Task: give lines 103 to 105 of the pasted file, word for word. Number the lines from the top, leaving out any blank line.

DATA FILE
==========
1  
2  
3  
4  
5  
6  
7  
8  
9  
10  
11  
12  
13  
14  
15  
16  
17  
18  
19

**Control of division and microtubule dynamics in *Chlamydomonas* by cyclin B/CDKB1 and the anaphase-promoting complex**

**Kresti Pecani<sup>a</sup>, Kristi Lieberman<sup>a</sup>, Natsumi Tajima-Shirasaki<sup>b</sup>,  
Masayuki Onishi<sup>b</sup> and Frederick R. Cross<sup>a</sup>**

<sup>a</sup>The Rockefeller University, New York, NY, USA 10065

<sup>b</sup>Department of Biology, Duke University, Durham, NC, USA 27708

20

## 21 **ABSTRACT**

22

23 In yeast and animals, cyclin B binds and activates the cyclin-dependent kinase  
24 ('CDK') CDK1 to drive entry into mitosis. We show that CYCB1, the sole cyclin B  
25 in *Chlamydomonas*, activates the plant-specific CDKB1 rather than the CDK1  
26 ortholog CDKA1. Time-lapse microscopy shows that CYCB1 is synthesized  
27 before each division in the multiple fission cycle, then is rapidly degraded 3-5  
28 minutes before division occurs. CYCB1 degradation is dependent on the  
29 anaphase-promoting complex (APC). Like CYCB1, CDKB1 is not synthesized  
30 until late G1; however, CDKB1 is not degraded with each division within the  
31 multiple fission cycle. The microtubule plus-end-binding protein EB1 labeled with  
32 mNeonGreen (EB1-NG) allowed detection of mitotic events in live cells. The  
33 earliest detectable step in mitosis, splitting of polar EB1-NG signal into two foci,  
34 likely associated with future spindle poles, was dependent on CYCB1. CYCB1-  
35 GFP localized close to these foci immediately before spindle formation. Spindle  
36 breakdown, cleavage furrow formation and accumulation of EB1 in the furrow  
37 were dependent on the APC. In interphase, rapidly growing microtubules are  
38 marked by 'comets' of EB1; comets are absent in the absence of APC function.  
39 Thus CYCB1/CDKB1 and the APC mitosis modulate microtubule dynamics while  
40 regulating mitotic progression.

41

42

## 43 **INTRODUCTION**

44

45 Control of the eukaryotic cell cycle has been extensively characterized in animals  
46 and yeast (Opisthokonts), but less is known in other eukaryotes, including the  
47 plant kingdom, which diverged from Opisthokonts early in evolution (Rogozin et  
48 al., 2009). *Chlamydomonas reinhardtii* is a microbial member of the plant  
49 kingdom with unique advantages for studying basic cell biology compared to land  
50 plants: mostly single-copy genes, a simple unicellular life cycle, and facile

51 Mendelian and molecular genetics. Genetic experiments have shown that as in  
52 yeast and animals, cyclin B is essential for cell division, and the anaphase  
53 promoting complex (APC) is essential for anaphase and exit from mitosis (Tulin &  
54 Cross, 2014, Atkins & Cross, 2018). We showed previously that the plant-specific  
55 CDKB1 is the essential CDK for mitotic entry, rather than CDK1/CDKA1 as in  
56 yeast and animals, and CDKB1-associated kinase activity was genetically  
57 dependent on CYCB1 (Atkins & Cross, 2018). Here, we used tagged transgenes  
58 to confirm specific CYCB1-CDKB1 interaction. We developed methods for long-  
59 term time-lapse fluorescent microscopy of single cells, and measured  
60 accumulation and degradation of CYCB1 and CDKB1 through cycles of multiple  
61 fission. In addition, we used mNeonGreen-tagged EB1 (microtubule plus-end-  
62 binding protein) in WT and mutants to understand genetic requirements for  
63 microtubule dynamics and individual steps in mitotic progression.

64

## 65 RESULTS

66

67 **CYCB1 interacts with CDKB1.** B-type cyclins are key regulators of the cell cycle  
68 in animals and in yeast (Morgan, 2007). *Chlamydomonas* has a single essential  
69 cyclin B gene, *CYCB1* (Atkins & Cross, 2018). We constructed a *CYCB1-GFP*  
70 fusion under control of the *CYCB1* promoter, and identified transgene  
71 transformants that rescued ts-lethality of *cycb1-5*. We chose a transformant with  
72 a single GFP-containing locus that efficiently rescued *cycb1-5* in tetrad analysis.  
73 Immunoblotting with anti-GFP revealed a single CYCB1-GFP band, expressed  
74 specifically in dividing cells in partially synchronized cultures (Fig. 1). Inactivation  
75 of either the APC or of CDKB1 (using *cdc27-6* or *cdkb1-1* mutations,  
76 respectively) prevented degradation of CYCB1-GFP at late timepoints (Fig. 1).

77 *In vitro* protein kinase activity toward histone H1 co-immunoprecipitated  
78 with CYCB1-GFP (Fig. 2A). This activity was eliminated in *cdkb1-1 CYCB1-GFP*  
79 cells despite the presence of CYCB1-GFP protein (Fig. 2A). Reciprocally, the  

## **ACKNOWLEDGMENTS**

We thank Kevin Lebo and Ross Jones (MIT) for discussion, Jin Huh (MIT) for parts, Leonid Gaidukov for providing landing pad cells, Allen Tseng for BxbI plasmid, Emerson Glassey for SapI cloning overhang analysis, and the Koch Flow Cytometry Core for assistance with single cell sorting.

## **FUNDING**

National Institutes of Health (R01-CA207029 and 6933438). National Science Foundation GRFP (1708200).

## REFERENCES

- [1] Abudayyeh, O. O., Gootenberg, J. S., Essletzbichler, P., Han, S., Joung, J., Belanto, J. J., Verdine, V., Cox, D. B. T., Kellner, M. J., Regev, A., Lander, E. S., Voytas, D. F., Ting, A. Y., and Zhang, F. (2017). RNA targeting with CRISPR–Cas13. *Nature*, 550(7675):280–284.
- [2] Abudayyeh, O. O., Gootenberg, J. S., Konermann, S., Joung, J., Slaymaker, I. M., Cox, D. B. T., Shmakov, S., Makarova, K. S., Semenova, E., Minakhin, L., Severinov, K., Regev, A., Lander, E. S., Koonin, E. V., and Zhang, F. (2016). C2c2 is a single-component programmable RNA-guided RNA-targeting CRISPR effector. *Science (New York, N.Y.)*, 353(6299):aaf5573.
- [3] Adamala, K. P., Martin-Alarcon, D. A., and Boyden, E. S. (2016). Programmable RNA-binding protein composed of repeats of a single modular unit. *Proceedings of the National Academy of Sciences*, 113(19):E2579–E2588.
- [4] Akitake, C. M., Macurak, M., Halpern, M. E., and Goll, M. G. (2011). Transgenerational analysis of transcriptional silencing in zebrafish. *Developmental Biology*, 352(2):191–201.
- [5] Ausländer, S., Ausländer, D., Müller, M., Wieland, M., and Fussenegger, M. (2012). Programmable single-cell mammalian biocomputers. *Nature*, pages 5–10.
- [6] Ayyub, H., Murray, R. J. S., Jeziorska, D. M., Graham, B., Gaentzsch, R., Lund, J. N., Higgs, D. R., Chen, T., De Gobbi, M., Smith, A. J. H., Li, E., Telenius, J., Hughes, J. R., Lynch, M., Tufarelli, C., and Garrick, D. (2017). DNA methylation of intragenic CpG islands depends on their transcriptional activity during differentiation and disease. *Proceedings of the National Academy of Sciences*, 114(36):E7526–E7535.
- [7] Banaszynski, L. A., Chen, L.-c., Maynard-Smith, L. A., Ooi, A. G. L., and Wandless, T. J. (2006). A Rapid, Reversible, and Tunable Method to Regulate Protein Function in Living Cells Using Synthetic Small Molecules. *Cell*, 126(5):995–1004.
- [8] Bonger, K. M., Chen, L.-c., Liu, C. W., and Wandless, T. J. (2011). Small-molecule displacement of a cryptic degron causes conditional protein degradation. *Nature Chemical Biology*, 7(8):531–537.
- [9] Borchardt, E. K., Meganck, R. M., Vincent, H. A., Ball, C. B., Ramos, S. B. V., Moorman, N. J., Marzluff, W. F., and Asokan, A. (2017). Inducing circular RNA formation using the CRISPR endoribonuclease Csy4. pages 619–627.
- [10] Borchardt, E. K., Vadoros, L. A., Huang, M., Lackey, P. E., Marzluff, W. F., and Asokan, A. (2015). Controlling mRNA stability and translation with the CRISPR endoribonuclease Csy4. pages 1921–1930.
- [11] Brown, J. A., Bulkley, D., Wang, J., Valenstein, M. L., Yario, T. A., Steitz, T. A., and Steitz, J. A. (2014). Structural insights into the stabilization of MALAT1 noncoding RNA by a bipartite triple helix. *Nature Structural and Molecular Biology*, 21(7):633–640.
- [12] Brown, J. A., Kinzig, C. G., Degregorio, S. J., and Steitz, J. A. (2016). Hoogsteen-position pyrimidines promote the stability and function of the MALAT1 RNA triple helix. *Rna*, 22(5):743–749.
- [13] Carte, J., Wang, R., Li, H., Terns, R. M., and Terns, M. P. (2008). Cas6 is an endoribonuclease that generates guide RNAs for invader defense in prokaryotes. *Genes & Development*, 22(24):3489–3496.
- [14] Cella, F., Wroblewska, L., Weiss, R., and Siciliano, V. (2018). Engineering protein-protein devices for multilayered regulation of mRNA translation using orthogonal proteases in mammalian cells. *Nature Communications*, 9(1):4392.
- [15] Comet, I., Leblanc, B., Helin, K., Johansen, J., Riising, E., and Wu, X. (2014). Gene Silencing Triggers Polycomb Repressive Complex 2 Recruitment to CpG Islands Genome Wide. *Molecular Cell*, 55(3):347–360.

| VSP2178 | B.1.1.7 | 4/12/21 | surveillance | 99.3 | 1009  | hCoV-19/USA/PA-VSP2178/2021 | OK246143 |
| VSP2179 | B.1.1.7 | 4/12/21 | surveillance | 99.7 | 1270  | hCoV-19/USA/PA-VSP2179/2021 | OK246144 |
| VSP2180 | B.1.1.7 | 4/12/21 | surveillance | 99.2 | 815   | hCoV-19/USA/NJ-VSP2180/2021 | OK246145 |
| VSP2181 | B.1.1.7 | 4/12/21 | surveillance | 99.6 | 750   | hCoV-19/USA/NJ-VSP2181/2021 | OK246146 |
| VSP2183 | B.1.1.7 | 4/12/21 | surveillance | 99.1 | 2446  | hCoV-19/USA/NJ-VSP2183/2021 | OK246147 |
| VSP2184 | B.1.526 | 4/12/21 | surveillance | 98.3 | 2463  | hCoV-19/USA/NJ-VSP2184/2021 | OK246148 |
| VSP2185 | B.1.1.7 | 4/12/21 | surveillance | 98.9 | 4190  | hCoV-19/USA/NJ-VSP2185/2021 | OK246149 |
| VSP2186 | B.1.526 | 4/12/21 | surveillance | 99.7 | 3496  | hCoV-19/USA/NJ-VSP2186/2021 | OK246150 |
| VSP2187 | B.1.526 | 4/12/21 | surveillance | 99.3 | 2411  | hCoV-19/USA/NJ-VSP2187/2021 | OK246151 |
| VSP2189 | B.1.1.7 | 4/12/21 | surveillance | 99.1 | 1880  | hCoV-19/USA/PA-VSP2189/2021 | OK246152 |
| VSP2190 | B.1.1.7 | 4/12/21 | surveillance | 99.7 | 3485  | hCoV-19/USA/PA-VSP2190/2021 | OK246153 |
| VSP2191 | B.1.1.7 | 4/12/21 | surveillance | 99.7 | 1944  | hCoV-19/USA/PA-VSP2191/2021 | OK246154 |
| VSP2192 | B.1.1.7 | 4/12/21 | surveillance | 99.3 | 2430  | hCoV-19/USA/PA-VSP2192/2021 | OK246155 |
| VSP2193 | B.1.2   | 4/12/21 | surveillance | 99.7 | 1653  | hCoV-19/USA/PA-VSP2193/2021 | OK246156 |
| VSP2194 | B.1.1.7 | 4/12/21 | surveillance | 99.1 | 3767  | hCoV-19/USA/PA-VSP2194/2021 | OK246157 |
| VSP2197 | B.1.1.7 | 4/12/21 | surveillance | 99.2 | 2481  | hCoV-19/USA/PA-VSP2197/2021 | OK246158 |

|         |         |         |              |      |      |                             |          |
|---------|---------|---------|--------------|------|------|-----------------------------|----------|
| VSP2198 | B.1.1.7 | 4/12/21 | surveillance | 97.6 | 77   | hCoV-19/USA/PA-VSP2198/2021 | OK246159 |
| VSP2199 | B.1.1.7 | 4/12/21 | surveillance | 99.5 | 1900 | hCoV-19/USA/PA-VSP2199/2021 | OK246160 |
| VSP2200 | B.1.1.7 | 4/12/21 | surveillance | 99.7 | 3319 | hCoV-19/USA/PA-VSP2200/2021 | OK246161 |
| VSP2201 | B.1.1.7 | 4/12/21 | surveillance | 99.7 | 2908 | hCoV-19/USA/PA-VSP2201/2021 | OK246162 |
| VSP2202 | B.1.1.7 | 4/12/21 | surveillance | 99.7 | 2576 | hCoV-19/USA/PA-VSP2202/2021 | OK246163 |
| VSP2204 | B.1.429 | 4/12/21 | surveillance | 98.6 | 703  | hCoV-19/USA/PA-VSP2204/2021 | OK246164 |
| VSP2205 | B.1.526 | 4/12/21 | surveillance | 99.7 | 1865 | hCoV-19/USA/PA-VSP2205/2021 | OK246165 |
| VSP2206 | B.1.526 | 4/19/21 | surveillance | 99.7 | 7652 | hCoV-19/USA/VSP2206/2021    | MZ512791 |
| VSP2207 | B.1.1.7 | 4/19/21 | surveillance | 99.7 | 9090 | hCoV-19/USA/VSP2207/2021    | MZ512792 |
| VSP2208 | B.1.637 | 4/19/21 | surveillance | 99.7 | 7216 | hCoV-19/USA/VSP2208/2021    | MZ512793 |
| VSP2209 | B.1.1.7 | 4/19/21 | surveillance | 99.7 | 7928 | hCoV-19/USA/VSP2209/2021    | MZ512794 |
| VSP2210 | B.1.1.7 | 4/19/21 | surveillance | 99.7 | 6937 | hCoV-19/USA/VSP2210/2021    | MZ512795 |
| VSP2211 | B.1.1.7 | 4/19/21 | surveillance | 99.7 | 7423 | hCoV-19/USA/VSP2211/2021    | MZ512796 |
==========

- [14] Cella, F., Wroblewska, L., Weiss, R., and Siciliano, V. (2018). Engineering protein-protein devices for multilayered regulation of mRNA translation using orthogonal proteases in mammalian cells. *Nature Communications*, 9(1):4392.
- [15] Comet, I., Leblanc, B., Helin, K., Johansen, J., Riising, E., and Wu, X. (2014). Gene Silencing Triggers Polycomb Repressive Complex 2 Recruitment to CpG Islands Genome Wide. *Molecular Cell*, 55(3):347–360.

| VSP2178 | B.1.1.7 | 4/12/21 | surveillance | 99.3 | 1009  | hCoV-19/USA/PA-VSP2178/2021 | OK246143 |